You Are Here: Dustin Humphrey, Surf Photographer

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The Phoenix burns. PHOTO: Tom Hawkins


You Are Here, Nathan Myers

Dustin Humphrey stands beside a burning motorcycle. He’s dressed as a ‘50s greaser, he’s cheering on the destructive flames, and — strangest of all — he’s not taking photos. He’s not even thinking about taking photos.

“When you’re taking photos,” he says later, “you’re not really bring present in the moment. You’re separate from it. I love photography, but lately I’ve been trying to be more present.”

Surf photographers ruin everything. Burn, baby, burn. They make secret spots the object of our every desire, and pretend like not printing the location makes it okay. But the photo is the location, and acting like it’s some sort of secret club just makes it all the more desirable. Another one bites the dust. Welcome to Canggu, Bali. When PHOTO: D.Hump first moved out here in 2007, this place was just a sleepy village on the outskirts of nowhere. Today, the place is an expat clusterfuck, a surf mag photo studio and a zoo of a place to catch a wave. Seems like every new resident these days is either a surf photographer, pro surfer, or some leechy mag dude. And all their wives design bikinis and purses.

But Dustin was the first. He’s been living full time in Indo for more than a decade. And back when he was a SURFING staff photographer, he was our sport’s most prolific lensman (leading the Transworld Photo Wars for months on end). Then one day PHOTO: D.Hump just disappeared.

A few weeks later, this giant structure sprang forth in the rice paddies of Canggu and Dustin was reborn a motorcycle salesman. But the Deus “Temple of Enthusiasm” is more than a hipster bikey shop. It’s more than Thai food and signature cocktails, art shows and movie nights. It’s this place where people go and do stuff. Art stuff. Dude stuff. And they do it with enthusiasm.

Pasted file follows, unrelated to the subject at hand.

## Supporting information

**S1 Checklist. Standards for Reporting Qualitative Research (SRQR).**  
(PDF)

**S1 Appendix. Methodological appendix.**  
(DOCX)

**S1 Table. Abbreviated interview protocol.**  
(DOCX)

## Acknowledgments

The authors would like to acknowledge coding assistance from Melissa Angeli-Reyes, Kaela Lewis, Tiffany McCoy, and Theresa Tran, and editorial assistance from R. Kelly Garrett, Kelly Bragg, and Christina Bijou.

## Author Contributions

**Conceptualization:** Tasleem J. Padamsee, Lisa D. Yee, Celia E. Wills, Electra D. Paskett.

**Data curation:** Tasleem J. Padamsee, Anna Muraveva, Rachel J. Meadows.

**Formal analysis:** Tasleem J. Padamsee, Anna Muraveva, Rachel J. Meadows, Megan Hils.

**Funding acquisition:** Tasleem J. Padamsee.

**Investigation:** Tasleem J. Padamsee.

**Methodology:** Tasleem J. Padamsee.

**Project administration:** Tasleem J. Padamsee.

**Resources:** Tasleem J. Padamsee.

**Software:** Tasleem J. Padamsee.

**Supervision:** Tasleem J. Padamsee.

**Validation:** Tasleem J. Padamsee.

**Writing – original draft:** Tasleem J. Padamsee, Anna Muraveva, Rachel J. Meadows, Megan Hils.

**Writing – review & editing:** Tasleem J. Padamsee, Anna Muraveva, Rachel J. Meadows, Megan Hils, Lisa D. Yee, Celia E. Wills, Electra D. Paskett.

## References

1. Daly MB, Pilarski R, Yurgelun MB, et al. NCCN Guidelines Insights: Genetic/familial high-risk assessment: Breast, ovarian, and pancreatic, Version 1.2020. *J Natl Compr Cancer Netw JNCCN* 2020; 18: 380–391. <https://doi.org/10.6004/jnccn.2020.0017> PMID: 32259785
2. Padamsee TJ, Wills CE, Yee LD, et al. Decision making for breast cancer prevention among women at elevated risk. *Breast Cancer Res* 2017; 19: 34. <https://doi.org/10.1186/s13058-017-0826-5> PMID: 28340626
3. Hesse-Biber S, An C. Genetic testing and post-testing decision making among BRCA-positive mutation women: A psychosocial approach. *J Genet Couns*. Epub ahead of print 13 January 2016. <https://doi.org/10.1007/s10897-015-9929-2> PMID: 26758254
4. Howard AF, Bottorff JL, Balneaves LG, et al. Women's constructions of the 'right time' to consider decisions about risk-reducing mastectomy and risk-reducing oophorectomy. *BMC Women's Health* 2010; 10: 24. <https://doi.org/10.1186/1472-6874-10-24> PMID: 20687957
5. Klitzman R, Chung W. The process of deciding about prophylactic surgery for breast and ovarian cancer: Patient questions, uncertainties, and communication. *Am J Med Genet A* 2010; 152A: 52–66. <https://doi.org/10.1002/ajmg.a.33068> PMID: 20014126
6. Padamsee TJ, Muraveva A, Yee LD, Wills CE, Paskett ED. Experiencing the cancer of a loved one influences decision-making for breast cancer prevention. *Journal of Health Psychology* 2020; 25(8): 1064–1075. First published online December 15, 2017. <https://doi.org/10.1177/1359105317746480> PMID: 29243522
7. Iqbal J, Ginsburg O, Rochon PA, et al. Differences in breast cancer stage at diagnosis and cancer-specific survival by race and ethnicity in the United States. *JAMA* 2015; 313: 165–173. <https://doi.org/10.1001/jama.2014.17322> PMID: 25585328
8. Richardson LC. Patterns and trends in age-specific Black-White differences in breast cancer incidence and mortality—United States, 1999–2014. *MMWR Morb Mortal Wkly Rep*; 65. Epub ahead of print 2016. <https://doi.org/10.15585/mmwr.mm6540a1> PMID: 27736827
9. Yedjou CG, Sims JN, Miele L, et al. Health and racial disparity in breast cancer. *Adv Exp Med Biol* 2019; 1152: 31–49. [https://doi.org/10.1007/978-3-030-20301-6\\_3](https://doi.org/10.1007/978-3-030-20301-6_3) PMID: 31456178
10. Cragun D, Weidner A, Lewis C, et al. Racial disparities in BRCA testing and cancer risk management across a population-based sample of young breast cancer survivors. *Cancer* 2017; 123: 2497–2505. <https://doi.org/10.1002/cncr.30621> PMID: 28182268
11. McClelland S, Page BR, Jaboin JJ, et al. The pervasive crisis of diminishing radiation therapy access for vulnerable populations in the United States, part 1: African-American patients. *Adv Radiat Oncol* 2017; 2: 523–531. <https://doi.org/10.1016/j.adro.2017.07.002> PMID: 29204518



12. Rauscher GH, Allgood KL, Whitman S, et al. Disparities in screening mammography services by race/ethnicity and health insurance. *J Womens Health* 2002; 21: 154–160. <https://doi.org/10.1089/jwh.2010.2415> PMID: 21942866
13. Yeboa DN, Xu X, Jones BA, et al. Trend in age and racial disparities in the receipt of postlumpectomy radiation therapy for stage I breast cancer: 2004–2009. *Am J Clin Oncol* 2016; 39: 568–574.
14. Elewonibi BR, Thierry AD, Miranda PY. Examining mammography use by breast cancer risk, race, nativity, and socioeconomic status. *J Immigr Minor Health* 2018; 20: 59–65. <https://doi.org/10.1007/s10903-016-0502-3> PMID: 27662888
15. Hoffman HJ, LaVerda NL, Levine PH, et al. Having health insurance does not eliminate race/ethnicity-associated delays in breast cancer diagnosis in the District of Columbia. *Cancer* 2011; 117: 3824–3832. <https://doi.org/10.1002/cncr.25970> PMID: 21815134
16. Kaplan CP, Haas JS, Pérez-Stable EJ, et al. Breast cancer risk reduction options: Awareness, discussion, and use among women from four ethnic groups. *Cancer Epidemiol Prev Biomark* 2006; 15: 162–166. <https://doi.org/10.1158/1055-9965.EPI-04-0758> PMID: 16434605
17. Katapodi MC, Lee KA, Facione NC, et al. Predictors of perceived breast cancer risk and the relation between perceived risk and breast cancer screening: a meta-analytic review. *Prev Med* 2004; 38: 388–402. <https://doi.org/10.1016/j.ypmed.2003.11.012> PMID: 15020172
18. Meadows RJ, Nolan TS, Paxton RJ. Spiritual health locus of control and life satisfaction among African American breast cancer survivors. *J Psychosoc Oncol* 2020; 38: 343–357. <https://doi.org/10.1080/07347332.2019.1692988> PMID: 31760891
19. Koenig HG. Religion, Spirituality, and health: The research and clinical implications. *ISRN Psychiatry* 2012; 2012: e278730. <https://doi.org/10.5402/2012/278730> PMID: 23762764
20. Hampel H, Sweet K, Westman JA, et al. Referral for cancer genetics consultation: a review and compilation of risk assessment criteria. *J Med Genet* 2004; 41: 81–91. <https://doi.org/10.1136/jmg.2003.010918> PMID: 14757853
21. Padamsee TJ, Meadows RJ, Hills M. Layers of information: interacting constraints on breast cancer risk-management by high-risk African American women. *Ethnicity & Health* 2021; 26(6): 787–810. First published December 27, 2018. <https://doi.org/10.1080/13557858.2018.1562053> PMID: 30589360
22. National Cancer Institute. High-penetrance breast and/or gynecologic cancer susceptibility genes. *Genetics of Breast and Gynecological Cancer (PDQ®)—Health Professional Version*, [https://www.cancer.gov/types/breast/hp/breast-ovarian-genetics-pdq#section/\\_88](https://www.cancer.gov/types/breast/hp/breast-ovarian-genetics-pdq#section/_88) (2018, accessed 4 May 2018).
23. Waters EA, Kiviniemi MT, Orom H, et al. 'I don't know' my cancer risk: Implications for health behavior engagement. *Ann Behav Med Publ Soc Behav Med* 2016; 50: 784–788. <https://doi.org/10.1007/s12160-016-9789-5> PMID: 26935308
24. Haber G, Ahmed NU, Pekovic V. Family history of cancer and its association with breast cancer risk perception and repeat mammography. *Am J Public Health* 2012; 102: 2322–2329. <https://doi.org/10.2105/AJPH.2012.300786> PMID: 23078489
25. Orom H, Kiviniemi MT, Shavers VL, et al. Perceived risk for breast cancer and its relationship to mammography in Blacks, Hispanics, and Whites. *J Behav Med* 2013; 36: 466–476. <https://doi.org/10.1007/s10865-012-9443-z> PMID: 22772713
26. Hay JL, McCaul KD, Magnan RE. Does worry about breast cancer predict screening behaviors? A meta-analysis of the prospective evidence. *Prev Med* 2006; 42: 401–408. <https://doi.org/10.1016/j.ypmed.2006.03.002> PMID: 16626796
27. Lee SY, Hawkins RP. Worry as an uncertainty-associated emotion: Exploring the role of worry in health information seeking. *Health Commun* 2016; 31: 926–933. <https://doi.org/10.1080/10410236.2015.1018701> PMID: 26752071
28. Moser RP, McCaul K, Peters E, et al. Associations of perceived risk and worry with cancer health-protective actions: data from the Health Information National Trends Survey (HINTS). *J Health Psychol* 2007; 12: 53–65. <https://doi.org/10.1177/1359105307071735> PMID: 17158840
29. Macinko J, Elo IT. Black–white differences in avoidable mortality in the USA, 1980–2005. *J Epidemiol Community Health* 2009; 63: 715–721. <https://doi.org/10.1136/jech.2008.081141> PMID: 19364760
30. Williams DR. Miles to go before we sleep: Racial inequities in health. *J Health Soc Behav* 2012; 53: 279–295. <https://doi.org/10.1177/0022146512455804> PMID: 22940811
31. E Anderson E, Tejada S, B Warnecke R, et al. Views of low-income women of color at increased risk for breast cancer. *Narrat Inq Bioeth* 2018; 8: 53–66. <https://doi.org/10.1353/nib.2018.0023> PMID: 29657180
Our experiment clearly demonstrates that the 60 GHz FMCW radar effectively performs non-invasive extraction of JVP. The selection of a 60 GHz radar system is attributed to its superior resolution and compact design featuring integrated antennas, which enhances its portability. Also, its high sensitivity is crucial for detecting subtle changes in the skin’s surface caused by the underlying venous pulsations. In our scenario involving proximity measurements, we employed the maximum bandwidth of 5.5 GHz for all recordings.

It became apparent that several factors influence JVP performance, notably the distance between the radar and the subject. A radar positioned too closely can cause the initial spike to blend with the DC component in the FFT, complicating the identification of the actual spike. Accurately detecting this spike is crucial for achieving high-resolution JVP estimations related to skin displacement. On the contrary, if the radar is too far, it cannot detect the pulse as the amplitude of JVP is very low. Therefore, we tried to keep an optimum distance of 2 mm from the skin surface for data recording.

This week D.Hump is teaching free photo classes to people who hang around the shop too much. Last week he hosted a series of fixed gear bicycle races. The month before, WolfMother played a massive set in the courtyard to celebrate John Lennon’s birthday. They sponsor local surfers. Host a strange DJ Triangle. And sell the oddest shaped surfboards you’ve ever seen. Now they’re having Dress-Up Drag Races in the nearby rice paddies. Or at least, they were until the motorcycle exploded.


Dustin imparts a teaspoon of the wisdom he gleaned over an iconic career. He’s got gallons of that wisdom on tap. PHOTO: Tom Hawkins


SURFING: What happened to D.Hump? Why did you stop shooting surfing?
D.HUMP: A couple things happened. For one, I was getting complacent with my surf photography. I was sleepwalking through it, not putting the right energy in. At the same time, I started doing more fashion photography and was enjoying that a bit more, and then I met my business partner Dare and starting talking about the Deus ex Machina concept. Eventually we just said, “Okay, let’s do it.” This place pulls together all my passions: photography, surfing, motorcycles, music and art. Plus, I have a three-year-old son now and after ten years on the road — which was everything I could have hoped for — I was anxious to stay home a bit more. This was a whole new set of challenges, and I like feeling challenged.